Everyone has mood swings from time to time; feeling high and feeling low are part of life.
It is only when these moods become extreme and interfere with personal and professional life that Bipolar Disorder may be present.
The term “bipolar disorder” is used to describe patterns of manic or hypomanic behaviour (with elevated, expansive or irritable moods) that may or may not alternate with episodes of clinical depression. The word “hypomania” comes from the Greek and means “less than mania”. Occasionally, people show a mixture of both high and low features at the same time, or switch during the day, giving a mixed picture. Bipolar disorder is thought to be primarily caused by biological factors. It is strongly inherited.
It is now common to distinguish Bipolar I and Bipolar II disorders from one another, but distinctions between the two are not clear-cut, whether examined in formal diagnostic manuals or considered more informally in clinical practice . In general terms, Bipolar I disorder corresponds to the earlier term “manic depressive illness”. Here, episodes of highs or lows are more severe and persistent, functioning is impaired and psychotic features may be present. In the past, people with severe bipolar disorder may have been admitted to an asylum where they could have remained manic for many months or depressed for many years and then spontaneously remitted, indicating that there is a pattern to even the most severe expressions of the condition.
Bipolar II is less severe (so that highs are more likely to be described as “hypomanic” rather than “manic”); it is not usually associated with psychotic features and tends to be briefer . The North American DSM-IV diagnostic manual specifies that hypomanic episodes must last at least four days, but many researchers and clinicians are confident that some individuals with true Bipolar II can have highs and lows lasting hours rather than days. The diagnostic manuals generally rule that mood and behavioural changes must be evident to others (e.g. family members) but there are many people with true bipolar disorder (I and II) who fail to show observable features – even when psychotic – so that imposing “observable change” may miss some individuals. The term “mixed state” refers to times when individuals meet the criteria for both manic and depressive episodes.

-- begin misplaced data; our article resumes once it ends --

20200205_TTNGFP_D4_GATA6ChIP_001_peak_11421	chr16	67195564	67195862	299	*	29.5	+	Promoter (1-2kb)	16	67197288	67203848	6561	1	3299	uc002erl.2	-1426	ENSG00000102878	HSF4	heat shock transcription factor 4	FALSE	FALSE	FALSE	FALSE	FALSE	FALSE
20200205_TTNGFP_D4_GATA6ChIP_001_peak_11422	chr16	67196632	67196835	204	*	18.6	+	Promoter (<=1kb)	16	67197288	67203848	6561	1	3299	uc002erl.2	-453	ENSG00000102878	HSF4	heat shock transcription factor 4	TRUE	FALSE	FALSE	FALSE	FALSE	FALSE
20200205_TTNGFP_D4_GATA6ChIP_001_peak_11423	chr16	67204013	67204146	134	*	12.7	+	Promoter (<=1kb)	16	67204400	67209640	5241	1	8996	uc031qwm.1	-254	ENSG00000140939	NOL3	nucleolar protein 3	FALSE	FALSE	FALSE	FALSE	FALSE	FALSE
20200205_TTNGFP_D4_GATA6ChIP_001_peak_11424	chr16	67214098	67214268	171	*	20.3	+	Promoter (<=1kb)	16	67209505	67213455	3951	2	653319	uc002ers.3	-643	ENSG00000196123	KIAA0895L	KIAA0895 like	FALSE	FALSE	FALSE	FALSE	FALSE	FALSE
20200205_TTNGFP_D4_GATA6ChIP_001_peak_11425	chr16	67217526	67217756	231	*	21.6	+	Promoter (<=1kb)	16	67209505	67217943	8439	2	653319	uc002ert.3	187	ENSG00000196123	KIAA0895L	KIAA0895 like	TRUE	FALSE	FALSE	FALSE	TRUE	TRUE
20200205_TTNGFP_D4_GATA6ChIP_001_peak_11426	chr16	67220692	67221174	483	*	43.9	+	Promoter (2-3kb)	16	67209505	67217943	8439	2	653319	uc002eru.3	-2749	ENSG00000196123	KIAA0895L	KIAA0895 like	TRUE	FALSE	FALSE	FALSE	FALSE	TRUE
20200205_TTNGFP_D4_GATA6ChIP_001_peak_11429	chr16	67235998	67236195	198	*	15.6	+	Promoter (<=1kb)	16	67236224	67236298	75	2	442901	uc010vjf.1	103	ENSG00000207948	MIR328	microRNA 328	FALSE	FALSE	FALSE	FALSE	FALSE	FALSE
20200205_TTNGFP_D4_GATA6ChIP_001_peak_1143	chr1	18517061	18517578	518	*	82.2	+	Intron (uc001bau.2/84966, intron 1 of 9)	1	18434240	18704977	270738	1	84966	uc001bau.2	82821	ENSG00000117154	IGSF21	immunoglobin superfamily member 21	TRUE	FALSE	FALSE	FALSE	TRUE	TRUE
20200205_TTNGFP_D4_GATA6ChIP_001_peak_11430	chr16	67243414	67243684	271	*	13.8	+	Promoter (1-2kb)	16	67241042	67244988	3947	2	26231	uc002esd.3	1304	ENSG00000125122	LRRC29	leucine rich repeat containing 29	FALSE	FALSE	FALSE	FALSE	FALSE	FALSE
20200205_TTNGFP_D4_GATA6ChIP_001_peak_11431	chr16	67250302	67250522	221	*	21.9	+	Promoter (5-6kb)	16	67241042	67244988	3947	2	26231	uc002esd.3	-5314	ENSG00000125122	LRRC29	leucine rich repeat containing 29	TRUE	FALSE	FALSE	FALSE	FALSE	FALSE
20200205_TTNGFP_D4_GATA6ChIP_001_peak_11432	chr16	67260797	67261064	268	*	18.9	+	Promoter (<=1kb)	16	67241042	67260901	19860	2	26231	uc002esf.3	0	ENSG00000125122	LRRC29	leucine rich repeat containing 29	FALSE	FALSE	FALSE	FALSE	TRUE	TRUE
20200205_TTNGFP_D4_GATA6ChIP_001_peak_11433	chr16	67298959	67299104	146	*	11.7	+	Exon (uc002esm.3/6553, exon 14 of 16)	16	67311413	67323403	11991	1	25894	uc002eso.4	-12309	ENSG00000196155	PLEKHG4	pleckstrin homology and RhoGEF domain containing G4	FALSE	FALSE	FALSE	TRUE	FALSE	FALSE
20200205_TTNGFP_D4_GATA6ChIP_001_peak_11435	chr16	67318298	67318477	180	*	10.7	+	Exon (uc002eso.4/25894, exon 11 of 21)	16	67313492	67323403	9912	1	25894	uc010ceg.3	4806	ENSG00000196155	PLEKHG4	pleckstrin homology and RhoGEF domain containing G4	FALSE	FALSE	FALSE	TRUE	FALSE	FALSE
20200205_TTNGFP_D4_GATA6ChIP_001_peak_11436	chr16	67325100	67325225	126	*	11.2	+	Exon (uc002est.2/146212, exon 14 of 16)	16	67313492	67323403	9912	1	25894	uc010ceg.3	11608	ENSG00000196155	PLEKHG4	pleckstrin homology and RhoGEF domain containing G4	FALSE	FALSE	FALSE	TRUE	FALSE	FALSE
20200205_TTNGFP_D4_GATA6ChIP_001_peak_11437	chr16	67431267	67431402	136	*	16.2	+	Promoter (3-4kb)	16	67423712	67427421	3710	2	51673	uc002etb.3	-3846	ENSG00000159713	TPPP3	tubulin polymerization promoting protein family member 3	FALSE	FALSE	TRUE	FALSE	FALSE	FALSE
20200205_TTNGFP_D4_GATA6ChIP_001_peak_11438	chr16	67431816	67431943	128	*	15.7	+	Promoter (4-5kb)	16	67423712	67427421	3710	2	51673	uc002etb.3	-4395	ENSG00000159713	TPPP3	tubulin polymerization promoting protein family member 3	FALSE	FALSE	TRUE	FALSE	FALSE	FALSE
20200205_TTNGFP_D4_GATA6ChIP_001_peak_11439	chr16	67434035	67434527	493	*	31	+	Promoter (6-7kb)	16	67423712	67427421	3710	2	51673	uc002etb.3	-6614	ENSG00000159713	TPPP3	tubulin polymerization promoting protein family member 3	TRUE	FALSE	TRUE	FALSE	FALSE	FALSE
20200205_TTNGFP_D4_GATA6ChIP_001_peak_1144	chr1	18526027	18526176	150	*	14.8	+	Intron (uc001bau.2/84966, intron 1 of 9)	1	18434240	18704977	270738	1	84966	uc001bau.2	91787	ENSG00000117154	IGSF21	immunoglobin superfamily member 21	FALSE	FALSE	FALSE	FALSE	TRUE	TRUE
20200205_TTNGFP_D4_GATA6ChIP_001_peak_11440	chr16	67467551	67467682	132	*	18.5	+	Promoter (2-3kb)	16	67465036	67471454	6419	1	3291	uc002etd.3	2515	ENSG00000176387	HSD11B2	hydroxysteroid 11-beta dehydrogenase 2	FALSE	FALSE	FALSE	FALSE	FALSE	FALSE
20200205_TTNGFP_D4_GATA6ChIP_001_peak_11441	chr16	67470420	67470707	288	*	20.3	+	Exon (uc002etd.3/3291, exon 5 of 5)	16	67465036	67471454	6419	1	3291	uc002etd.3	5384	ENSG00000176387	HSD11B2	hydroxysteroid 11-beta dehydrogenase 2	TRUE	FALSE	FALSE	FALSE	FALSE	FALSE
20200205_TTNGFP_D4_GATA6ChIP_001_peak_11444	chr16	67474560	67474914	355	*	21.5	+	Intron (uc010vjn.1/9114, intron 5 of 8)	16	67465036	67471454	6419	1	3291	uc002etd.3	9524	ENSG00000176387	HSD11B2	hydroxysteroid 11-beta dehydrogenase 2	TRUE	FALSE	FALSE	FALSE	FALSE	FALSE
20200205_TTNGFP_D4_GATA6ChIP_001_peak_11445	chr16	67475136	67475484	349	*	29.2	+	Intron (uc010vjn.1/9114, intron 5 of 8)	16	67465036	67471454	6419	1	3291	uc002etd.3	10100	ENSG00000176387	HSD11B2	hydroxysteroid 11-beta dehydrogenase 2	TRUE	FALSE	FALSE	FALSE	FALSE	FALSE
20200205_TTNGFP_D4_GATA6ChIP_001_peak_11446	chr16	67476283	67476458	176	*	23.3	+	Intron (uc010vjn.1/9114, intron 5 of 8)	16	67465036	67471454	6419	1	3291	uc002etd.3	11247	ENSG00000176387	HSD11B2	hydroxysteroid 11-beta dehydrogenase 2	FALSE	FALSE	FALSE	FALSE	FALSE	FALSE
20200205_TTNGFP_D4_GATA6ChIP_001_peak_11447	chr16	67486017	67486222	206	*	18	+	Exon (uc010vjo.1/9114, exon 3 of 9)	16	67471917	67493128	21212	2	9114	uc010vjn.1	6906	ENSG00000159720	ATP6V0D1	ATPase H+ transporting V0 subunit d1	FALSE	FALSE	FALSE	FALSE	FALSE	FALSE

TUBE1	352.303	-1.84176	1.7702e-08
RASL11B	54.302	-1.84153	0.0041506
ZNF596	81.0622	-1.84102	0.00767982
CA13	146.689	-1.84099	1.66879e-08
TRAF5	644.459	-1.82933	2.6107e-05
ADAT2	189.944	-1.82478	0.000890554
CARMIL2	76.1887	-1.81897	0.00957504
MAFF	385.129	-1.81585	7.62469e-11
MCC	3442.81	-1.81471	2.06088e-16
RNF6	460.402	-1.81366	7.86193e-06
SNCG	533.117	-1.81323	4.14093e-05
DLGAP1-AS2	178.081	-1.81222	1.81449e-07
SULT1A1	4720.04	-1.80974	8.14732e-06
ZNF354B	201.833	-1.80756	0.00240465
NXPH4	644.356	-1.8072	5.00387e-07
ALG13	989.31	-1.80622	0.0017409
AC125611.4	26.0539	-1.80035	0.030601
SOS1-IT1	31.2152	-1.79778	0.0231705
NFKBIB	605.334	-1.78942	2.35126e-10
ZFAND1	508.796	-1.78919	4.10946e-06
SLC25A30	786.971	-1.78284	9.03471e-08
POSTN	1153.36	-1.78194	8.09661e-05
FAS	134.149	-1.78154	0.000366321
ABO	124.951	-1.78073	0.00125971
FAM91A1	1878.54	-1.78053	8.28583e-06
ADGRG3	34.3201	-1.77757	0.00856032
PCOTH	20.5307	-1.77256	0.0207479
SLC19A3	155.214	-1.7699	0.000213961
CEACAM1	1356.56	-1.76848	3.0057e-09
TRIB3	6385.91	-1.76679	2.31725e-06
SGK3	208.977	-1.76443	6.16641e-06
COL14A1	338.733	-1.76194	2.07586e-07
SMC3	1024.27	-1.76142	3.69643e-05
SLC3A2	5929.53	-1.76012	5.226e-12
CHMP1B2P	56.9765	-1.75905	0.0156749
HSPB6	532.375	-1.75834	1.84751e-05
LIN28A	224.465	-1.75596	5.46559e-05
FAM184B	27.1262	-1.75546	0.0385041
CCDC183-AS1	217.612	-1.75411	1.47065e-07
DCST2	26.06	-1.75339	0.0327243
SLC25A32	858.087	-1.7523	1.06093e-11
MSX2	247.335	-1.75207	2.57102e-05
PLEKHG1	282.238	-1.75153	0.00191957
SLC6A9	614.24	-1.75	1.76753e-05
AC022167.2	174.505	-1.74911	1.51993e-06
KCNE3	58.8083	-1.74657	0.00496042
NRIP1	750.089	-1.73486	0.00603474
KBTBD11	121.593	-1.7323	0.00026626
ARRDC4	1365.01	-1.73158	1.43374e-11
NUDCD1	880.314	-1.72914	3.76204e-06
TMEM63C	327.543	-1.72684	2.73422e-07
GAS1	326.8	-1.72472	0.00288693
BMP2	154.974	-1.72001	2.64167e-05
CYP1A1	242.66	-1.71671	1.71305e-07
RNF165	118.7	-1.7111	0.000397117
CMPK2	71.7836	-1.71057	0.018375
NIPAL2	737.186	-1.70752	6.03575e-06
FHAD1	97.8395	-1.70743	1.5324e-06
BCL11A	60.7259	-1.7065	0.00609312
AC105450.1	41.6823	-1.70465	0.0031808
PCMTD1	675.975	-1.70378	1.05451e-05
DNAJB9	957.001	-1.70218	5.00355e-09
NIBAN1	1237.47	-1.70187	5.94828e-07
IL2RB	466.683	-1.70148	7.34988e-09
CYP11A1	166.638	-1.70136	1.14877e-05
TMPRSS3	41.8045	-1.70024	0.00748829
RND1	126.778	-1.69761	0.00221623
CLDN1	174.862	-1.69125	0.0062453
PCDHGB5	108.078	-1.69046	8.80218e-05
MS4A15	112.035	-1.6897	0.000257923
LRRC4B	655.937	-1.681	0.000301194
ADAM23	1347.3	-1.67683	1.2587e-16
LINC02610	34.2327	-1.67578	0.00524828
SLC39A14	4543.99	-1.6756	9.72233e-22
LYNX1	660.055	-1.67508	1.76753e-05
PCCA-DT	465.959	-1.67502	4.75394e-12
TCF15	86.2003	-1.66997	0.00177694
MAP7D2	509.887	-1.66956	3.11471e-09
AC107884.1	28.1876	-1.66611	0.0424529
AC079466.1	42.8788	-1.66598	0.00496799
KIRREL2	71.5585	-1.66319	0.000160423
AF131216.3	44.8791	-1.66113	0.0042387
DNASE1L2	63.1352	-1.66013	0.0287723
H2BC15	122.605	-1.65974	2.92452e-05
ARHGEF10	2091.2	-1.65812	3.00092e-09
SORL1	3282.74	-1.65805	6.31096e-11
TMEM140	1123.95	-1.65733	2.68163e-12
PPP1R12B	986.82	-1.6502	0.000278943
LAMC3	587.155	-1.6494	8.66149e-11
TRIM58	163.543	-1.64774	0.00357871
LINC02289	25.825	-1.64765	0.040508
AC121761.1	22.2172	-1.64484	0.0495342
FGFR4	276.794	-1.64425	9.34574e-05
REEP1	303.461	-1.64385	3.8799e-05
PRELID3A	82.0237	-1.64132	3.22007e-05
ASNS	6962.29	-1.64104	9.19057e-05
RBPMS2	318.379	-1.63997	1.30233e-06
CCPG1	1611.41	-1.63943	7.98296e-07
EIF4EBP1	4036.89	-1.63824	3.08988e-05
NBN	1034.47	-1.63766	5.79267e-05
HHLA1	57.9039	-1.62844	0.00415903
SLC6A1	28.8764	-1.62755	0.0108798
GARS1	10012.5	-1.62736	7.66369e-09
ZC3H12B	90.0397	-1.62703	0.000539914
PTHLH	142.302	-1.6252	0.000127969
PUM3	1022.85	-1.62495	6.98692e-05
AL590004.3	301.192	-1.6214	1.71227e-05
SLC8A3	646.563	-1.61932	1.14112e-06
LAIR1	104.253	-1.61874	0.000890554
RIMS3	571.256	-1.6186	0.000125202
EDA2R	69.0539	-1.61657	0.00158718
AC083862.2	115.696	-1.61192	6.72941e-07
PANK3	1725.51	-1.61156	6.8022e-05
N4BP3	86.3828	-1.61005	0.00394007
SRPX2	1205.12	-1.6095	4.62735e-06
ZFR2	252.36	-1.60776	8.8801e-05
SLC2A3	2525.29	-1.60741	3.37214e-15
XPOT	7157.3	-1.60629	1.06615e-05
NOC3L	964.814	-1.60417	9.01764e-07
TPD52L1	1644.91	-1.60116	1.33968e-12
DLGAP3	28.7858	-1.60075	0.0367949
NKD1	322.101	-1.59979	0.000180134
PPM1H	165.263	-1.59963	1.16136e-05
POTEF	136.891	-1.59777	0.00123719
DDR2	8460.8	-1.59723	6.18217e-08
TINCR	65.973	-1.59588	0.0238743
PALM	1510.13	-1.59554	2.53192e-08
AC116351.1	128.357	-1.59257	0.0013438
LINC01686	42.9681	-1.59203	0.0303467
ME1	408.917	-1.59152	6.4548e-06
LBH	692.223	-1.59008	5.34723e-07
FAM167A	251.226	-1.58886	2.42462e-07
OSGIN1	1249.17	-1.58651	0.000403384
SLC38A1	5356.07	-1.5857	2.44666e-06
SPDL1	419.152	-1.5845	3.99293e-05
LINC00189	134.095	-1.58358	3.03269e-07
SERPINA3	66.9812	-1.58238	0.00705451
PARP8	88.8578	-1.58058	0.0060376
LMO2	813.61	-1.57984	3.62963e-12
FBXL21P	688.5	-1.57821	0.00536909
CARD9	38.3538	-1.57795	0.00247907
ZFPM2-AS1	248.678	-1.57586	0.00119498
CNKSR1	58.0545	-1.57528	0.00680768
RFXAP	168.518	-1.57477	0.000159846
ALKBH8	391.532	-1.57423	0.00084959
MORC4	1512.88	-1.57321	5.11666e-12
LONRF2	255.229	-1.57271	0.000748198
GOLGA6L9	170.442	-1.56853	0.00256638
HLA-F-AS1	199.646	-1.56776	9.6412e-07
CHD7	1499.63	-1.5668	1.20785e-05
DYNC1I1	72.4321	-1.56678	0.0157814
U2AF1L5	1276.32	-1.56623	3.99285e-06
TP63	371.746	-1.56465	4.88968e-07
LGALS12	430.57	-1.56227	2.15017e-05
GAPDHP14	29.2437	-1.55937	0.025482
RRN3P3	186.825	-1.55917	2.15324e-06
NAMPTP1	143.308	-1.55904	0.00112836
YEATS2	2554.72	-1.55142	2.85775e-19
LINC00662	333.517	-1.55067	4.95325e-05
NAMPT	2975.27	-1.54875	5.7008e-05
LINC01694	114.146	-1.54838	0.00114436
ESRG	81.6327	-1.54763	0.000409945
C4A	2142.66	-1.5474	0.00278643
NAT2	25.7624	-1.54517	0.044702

To friends and family members, Bipolar II may appear to be merely normal mood swings or a reflection of personality style. Certainly, mild expressions can be very difficult to distinguish from a normal volatile or cyclothymic personality style. There are many people who swing from being the life of the party to being quiet, uncommunicative and even grumpy as part of their personality style and not because they have a bipolar disorder. Personality, however, tends to be persistent over time. By contrast, questioning will usually identify an onset or pattern change for those with true bipolar disorder, although we now recognise that bipolar disorder can also be present in quite young children.
We used to think that manic-depressive illness affected about 1 per cent of the population. More recent epidemiological data suggest that the lifetime chance of Bipolar I is about 1 percent, but the lifetime chance of Bipolar II could be up to 10 percent of the population. Such a high percentage could reflect definitional or diagnostic error (falsely diagnosing bipolar disorder when it does not exist), but The Black dog Institute’s view is that Bipolar II is common and that its rate may have risen considerably in the community in the last decade.
Approximately 5 percent of those suffering bipolar disorder experience only highs. However, the great majority of people with the disorder alternate between highs and lows and, commonly, experience intervals of quite normal mood states in between episodes. Each individual tends to have a distinct pattern. For instance, some people with bipolar disorder might have only one episode every decade, while others may have daily mood swings.
Before any individual settles into their general mood swing “pattern”, atypical patterns may be observed, particularly in adolescents. Thus, some may develop anxiety or eating disorders, or even have schizophrenia-like conditions for several years, before the more typical pattern takes shape. A family history of bipolar disorder can then be very helpful in establishing whether an atypical presentation is a variant or a forerunner of bipolar disorder.*